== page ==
COACH CAN TURN MSG INTO A ZEN GARDENBy Jared Zwerling
If there's one coach who can best lead a superstar "big two," it's Phil Jackson. After Jackson took over the Chicago Bulls in 1989, Jerry Sloan's Utah Jazz with John Stockton and Karl Malone didn't win a championship, nor did Pat Riley's Los Angeles Lakers with Magic Johnson and James Worthy. Also, Rudy Tomjanovich's Houston Rockets with Clyde Drexler and Hakeem Olajuwon, and Gregg Popovich's San Antonio Spurs with Tim Duncan and David Robinson won only one title apiece.
But Jackson, with Michael Jordan and Scottie Pippen, and then later with Kobe Bryant and Shaquille O'Neal/Pau Gasol, won multiple titles, including three three-peats. Jackson is regarded as one of the greatest managers of talent in the history of sports, and with Carmelo Anthony and Amare Stoudemire in New York, he'd be the right man for the job.
Jackson has also shown he can rebuild a team very quickly, and the Knicks have rebuilding pieces: solid young players and cap flexibility in 2012 to go after a Chris Paul or a Dwight Howard. After leading the Bulls to the Eastern Conference finals in his first season, the next three all ended with championship banners. Years later, Jackson took a Lakers team that made the first round of the playoffs in 2006 to three straight NBA Finals appearances from 2008 to 2010, winning the crown twice.
There aren't too many head coaches who are as equally effective preaching offense as they do defense. While Mike D'Antoni and Jeff Van Gundy, for example, are polar opposites -- one values fast-paced offense; the other physical defense -- Jackson's teams have consistently ranked in the top 10 in offensive and defensive rating in his past 19 years manning the sideline. Scouts will tell you, "Points allowed doesn't tell the story; opposing field-goal percentage does," but Jackson's teams have succeeded in both categories.
I'll end with this: Back in 1990, Pippen remembers his teammates' response to the new triangle offense Jackson and assistant coach Tex Winter were incorporating. "None of us were very comfortable with it." But Jackson said, "In time, we're going to figure this out. It'll come along." And that's just what happened, as the Bulls went on to establish their dynasty.
There's only one person who can turn meditation into music on the court: the Zen Master.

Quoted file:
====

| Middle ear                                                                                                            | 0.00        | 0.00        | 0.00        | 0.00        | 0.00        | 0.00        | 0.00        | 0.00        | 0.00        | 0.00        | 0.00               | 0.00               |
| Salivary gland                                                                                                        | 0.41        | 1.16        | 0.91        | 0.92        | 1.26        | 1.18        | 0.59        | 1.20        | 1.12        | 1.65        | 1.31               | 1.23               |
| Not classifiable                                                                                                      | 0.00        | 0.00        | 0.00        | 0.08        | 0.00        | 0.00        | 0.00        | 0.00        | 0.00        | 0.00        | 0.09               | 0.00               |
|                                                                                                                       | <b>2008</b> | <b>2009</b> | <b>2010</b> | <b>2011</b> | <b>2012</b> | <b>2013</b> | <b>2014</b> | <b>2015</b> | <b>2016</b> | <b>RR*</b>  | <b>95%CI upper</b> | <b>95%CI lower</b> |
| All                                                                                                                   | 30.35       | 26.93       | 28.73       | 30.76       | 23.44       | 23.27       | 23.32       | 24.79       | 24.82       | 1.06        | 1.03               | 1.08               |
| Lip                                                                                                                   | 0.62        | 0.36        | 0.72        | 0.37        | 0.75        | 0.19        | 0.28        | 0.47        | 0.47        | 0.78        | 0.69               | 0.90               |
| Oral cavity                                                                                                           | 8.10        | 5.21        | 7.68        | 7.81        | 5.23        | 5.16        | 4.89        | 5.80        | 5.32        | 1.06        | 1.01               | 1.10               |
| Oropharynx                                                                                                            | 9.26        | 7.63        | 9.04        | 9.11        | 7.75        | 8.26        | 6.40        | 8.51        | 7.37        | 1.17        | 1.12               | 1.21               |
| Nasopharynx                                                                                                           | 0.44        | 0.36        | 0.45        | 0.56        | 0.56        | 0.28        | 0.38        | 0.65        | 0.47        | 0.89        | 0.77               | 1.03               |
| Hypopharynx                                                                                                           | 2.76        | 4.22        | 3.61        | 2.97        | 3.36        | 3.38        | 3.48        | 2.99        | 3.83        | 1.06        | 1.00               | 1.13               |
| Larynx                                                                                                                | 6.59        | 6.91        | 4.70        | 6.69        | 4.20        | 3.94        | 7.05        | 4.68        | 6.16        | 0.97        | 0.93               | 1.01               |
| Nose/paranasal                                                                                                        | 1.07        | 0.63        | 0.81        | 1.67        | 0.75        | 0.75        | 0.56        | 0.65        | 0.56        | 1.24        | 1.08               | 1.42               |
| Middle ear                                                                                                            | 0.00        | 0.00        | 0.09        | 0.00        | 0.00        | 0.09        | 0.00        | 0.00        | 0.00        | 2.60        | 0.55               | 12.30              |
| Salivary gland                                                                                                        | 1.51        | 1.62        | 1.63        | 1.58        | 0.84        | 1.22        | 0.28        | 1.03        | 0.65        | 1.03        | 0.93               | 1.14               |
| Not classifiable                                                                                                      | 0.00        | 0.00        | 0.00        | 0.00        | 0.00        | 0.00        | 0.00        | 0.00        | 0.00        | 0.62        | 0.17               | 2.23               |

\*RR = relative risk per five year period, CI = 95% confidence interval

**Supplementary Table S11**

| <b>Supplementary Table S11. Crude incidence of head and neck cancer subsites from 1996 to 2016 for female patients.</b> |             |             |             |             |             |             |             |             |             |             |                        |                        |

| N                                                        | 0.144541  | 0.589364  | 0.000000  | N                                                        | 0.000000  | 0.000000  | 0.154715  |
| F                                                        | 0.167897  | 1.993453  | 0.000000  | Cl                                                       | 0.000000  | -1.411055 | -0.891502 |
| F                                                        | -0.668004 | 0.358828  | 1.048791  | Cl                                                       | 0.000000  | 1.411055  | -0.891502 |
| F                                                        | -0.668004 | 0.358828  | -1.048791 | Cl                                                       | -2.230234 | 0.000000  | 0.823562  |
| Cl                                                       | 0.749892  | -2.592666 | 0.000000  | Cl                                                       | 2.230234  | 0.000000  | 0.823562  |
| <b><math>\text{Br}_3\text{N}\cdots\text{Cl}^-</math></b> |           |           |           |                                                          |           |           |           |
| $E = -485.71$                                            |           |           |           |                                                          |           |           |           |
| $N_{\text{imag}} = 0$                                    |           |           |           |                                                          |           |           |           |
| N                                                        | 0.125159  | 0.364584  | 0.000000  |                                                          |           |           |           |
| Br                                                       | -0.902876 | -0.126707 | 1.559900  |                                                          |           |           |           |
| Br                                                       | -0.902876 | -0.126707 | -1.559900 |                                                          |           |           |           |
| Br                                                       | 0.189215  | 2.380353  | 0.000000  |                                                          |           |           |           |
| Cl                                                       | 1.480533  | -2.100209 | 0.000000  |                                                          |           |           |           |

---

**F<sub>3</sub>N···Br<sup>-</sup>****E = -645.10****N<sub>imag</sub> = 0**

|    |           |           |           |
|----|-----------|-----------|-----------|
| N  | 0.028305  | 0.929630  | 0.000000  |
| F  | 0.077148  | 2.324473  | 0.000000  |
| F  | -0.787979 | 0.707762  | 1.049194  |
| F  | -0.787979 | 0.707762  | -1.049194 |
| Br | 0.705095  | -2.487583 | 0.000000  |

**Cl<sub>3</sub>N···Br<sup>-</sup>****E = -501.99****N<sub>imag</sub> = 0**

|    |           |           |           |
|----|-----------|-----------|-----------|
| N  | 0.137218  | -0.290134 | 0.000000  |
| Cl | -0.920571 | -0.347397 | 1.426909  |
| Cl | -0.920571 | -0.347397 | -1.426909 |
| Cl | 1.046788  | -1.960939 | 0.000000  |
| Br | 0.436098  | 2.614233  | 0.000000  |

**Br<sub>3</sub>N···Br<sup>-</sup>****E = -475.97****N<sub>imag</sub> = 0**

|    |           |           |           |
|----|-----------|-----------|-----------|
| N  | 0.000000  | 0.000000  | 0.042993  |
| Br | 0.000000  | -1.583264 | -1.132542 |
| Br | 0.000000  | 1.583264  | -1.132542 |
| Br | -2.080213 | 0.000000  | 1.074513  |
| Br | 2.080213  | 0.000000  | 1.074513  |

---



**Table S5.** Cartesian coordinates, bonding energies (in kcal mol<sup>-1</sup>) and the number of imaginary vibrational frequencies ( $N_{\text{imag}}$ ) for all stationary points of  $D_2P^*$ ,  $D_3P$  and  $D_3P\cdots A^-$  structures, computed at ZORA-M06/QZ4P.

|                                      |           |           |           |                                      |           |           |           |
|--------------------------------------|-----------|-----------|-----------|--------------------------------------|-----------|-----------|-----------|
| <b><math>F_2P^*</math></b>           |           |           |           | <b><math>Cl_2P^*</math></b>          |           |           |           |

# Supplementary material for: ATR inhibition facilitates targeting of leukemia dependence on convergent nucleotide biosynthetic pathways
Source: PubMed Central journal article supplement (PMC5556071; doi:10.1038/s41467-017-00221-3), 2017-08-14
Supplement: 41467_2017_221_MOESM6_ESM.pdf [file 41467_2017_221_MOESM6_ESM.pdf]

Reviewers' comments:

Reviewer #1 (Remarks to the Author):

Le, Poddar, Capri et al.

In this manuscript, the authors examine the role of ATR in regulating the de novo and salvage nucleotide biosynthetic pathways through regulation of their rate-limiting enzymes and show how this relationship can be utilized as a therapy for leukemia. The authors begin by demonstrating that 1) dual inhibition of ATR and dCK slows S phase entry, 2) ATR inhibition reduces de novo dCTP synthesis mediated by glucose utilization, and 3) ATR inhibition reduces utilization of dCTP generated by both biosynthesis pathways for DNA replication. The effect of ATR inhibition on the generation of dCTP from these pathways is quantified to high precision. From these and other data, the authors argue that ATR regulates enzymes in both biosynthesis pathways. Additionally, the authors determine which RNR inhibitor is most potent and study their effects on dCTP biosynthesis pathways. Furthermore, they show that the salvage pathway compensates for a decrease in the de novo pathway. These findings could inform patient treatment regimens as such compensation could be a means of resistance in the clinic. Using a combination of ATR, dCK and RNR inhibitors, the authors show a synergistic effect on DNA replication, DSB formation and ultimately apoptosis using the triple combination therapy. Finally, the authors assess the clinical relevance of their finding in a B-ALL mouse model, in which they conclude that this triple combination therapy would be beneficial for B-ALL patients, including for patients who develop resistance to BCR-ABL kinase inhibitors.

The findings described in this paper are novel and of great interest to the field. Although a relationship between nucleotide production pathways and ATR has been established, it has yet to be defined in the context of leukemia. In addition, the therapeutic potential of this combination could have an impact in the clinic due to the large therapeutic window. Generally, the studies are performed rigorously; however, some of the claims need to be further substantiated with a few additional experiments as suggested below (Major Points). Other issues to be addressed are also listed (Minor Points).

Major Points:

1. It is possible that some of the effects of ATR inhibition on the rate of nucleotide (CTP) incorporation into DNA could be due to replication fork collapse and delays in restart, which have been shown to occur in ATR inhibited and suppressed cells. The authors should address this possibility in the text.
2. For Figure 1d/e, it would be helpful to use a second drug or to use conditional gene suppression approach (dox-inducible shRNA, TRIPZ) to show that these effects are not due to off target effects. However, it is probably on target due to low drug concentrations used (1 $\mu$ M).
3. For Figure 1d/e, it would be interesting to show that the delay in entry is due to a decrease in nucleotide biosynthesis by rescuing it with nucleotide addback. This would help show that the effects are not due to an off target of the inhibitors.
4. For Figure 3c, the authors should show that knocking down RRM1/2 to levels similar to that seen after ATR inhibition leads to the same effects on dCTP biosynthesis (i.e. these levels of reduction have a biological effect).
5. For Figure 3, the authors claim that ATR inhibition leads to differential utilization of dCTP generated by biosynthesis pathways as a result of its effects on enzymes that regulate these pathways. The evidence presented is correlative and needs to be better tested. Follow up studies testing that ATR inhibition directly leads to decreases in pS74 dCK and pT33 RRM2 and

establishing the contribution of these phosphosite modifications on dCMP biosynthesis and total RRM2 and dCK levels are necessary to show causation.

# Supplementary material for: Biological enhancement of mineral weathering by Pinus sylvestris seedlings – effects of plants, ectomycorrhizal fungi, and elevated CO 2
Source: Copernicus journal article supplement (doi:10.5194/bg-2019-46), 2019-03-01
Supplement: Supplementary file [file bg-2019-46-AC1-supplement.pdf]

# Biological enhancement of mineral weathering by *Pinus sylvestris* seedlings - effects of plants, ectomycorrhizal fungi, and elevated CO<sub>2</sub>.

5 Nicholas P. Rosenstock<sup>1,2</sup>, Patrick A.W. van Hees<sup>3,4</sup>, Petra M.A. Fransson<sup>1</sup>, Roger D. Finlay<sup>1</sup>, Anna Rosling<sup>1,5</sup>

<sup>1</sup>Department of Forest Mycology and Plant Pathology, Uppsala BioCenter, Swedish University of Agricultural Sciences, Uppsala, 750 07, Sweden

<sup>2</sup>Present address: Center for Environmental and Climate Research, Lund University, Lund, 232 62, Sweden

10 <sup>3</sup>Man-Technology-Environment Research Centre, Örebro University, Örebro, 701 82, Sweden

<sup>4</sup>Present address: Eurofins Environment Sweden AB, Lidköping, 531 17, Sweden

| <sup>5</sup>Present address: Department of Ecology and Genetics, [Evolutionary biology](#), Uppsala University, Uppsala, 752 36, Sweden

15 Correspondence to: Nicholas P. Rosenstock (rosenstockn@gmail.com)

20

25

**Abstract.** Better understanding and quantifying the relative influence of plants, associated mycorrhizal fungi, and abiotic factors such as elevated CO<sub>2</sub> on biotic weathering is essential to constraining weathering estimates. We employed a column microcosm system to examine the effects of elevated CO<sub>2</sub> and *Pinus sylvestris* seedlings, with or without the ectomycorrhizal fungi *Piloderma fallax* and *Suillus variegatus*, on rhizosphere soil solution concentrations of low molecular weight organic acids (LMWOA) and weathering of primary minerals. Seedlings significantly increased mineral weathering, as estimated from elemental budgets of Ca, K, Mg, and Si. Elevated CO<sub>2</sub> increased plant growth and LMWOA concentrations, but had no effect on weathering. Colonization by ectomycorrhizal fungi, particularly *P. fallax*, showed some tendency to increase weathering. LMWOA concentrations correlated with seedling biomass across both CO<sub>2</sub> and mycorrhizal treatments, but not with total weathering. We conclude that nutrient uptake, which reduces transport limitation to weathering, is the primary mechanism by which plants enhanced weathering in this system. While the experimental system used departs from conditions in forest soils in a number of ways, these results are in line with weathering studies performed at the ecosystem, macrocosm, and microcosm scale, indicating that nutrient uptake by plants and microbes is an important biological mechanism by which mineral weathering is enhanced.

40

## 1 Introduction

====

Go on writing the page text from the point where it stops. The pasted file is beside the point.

PHIL ISN'T THE RIGHT FIT FOR THESE KNICKSBy Ian Begley
It's a delicious scenario for a New York Knicks fan base starving for an NBA title: Days after calling it a career, Phil Jackson pulls a 180, deciding to return to the bench to coach the Knicks to their first NBA championship since 1973.
The guy who helped win the last one comes home to lead the Knicks to their next one. Perfect.
On the surface, Jackson and the Knicks go together like mustard spread on a street-vendor sold pretzel.
But Donnie Walsh & Co. should consider the following before the Knicks break the bank to bring Jackson home:
Jackson has been at his best when coaching championship-caliber teams. The Knicks, as currently constituted, are not championship-caliber. We all know this. What we don't know is if Jackson, 65, has the patience to wait on Carmelo and the Knicks to coalesce into a title contender. I don't think he does.
And here's the other thing: Jackson's triangle offense is at its best when players share the ball, which is not exactly Carmelo Anthony's strong suit. Anthony is at his alpha-dog best when he has the freedom to dominate the ball. Don't believe me? Watch Game 2 of the Knicks-Celtics series again.
Furthermore, Carmelo and Amare Stoudemire -- the Knicks' two superstars -- may have trouble aligning under Jackson.
After all, Pippen was the unquestioned No. 2 to Jordan in Chicago. When they were at their best, Kobe deferred to Shaq in Los Angeles. So you have to consider this: Is Amare prepared to play the next three seasons as a sidekick to Carmelo? I doubt he signed a $100 million contract to do so.
And if Amare refuses to constantly defer to Carmelo, there aren't enough motivational books in the world (a Jackson special) to change a 28-year-old NBA superstar's mind.
If Phil comes to New York, he'll find that out the hard way.